If we want to change our own behaviour and others, we’ve got to understand that. And we’ve got to understand how to structure rewards and penalties in an appropriate way to actually help them to build the habits that are going to be helpful for them and for the team, etc. This is where gamification would fit in. And we have a model that sits underneath the Nine Action Factors model, and it has over 200 rules. And I’d say 50 plus of those rules are about gamification, rewards and penalties. It’s quite a complex area, but quite a fun area to work on and actually, to help to design environments, and systems that reward and penalise the right types of behaviour, but absolutely essential that we understand it is so important for building new habits. The next area is what we call external, physical and digital triggers. These are the reminders in our environment of what we need to do something. So if we take the driving example, again…..as soon as you get into a modern car now, there are triggers and reminders to do the right things. So if you don’t put your seatbelt on, you get a ping, ping ping. You can see how quickly you’re driving through the speedometer, there is a line in the middle of the road to remind you which side of the road to drive on. There are zebra crossings and traffic lights and speed cameras, all designed to get you to do safe driving behaviours, because governments have recognised when they don’t have those triggers in place, the car accident rates go up. The smartphone, which you may be listening to this podcast on right now is possibly the most successful triggering device of all time; it’s excellent at getting your attention and reminding you to use it, which is why it’s become such a popular product. So if I open the cupboard, for example, and there’s loads of chocolate biscuits in there, I’m probably going to eat one. So we’ve got to be very mindful of what are the triggers in our environment? And how can we trigger ourselves to keep practising the new habits or the new habit that we want to build, to help us to be our best more often.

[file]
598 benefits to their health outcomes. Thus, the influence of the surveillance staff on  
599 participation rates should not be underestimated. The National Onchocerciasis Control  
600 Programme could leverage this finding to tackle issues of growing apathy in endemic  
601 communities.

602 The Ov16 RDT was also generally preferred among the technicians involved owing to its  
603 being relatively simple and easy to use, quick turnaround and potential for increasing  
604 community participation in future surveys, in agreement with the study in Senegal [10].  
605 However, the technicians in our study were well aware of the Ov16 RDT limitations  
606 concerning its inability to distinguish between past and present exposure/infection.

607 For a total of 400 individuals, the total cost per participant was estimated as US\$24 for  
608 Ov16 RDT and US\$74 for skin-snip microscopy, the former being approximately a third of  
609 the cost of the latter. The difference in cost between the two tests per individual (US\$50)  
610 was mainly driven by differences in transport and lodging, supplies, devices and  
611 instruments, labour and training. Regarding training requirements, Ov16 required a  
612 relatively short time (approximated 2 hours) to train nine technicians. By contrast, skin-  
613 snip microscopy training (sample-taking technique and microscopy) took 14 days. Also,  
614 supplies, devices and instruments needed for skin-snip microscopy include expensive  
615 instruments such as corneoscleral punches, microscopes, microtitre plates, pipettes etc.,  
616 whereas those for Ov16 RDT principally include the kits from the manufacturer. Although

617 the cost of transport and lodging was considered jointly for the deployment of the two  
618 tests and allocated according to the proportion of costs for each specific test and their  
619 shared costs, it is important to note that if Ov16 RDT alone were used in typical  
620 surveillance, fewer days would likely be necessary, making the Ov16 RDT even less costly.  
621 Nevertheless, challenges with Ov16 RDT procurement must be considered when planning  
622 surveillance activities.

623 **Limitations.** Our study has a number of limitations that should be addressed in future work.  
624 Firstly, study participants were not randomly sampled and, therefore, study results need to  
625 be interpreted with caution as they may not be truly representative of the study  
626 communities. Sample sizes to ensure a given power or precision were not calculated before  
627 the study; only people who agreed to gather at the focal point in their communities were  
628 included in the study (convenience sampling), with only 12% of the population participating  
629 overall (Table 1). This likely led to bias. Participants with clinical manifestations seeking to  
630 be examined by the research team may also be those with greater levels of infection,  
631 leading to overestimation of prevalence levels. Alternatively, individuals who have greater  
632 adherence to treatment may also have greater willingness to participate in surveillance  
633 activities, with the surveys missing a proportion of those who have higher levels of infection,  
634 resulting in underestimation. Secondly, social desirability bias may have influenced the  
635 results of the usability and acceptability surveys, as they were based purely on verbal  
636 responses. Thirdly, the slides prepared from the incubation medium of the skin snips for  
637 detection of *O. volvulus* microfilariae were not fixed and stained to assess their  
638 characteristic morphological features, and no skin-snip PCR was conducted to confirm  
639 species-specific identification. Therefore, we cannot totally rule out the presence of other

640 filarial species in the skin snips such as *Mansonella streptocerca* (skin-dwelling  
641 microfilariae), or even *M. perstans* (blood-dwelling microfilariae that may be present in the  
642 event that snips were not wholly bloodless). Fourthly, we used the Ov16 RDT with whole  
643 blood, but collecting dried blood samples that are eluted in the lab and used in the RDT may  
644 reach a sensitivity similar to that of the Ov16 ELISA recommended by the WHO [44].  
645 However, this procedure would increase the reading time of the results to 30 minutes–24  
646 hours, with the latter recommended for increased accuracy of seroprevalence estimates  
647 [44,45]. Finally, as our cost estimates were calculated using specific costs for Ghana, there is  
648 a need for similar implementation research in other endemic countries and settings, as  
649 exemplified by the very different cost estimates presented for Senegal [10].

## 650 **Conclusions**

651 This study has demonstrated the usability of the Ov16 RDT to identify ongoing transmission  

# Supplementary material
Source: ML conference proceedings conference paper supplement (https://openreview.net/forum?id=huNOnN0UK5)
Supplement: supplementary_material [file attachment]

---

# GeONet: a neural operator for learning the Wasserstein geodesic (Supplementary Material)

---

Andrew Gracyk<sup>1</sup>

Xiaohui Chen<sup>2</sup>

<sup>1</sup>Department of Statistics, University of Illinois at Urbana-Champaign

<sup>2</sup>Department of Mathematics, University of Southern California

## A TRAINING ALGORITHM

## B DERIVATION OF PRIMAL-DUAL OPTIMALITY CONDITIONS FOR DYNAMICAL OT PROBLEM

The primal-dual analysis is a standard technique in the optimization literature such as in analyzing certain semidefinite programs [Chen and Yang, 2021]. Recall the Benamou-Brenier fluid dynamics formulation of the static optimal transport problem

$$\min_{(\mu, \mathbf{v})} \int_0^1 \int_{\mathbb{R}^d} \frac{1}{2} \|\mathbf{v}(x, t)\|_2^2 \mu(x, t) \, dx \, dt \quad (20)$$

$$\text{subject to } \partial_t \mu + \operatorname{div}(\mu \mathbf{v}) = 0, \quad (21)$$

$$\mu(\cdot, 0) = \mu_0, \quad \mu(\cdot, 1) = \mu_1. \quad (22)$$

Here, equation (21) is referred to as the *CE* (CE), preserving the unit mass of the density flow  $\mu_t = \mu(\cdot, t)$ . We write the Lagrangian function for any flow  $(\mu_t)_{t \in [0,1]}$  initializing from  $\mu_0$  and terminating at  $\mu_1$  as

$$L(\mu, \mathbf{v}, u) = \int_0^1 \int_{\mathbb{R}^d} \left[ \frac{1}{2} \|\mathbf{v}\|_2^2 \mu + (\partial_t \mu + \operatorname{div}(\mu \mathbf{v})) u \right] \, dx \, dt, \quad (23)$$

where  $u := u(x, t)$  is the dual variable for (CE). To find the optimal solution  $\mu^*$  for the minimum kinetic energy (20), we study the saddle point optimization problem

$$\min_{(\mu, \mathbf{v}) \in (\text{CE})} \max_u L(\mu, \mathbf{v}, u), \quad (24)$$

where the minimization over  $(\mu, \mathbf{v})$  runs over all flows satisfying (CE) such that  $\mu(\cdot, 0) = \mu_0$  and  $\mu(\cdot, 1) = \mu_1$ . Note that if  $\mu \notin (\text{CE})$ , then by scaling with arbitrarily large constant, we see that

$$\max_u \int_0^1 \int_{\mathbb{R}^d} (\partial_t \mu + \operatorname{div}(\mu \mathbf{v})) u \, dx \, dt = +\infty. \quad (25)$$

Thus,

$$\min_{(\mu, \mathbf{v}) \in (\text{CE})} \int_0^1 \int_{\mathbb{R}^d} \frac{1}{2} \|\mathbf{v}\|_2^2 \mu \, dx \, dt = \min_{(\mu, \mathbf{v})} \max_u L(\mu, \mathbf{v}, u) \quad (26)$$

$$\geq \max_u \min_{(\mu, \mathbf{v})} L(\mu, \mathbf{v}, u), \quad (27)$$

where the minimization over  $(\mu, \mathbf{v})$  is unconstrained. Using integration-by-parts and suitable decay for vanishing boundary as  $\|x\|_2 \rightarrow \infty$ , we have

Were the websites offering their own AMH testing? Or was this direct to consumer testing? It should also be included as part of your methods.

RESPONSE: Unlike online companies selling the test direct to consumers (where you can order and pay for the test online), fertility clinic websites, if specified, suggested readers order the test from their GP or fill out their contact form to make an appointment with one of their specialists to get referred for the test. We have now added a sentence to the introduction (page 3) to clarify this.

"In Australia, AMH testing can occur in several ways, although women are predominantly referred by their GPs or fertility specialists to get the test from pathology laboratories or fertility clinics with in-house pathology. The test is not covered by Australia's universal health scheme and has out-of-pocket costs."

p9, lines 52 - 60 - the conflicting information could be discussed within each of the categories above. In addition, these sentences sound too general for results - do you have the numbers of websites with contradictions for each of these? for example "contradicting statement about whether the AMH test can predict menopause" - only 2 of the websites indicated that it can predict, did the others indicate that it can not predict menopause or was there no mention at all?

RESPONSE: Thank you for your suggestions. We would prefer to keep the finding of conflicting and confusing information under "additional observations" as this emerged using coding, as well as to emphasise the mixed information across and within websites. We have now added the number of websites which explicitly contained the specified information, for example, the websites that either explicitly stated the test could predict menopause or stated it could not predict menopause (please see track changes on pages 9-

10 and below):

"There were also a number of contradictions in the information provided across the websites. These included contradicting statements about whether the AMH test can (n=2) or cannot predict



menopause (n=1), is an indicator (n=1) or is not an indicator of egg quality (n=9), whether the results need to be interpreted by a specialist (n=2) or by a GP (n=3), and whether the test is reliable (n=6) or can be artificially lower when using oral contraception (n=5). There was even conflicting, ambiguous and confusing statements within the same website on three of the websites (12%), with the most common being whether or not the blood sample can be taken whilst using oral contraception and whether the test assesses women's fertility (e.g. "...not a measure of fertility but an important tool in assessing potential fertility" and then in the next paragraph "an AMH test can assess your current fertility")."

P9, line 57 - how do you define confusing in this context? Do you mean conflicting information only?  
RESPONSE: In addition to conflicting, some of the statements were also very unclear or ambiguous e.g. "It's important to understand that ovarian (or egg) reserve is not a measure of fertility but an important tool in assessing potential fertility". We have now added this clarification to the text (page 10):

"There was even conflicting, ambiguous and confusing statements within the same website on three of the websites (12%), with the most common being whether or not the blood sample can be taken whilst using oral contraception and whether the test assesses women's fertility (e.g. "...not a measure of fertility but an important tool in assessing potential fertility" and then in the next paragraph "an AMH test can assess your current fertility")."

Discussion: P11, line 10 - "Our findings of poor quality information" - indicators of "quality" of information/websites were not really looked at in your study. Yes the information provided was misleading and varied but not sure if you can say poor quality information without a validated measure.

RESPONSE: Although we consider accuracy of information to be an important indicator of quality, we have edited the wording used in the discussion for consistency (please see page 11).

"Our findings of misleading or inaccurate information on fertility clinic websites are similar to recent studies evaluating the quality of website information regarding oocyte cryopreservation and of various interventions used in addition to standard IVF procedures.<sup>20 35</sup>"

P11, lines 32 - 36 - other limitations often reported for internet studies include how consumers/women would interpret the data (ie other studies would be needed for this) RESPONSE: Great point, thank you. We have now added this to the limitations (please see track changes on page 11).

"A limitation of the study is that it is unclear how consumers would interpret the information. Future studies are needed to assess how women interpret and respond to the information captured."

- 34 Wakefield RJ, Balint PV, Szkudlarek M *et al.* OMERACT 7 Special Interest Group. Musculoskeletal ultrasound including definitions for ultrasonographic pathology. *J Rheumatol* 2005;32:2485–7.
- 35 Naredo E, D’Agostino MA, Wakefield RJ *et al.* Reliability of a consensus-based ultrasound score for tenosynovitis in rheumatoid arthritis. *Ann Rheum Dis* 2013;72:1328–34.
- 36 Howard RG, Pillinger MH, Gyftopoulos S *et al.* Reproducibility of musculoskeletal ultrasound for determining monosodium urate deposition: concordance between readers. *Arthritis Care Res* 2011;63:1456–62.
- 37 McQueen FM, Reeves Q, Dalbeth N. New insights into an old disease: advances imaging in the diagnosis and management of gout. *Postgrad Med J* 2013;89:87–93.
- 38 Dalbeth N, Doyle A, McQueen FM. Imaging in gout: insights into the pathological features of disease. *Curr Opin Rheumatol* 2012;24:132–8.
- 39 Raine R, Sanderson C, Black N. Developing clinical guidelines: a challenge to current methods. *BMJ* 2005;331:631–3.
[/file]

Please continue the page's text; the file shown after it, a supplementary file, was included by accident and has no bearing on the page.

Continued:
And then, the final factor of the Nine Action Factor model is what we call brain state. Imagine your brain is a little bit like a battery, it’s only got so much charge and every 24 hour period. And if we take the driving example, again, if you learn to sleep, when you learn to drive when you’re sleep deprived, it’s going to take you much longer to learn how to drive. And if you do when you’re mentally fresh. So the importance of the brain state factor is to be aware that when we’re trying to build difficult new habits, it’s better to practice doing that, or practice planning to do that when we’re mentally fresh, because that will give us a better chance of actually controlling our behaviour. So we talked about resilience or a lot of for me, it is the absolute foundation of everything that we do. Everyone can get better at it, everyone can get better at being more self aware, do more intelligent self watching, and everyone can get better at learning how to build new habits. And what is absolutely essential if you’re going to do that is to understand the Nine Action Factors. And to make that really simple to put into practice we’ve created the habit building plan, which is an essential part of our Me Power resilience programme. And of course the Me Power resilience programme is all about building better habits in every area of your life. So it shows you how to put the Nine Action factors model into action into any new habit that you want to build. So if you want to learn more about it you can check out the Me Power resilience programme. If you just want to get going and just get better at doing a little bit of self watching a little bit of fun in absolutely free you can access the me power resilience planner, just go to our website, access for free, and that gives you daily and weekly structures to make it easier for you to actually plan and reflect and start being more resilient, which we can all learn how to do. So I hope that was helpful. We’ll talk a lot more about the nature factors and resilience in future podcasts. But that’s all for now.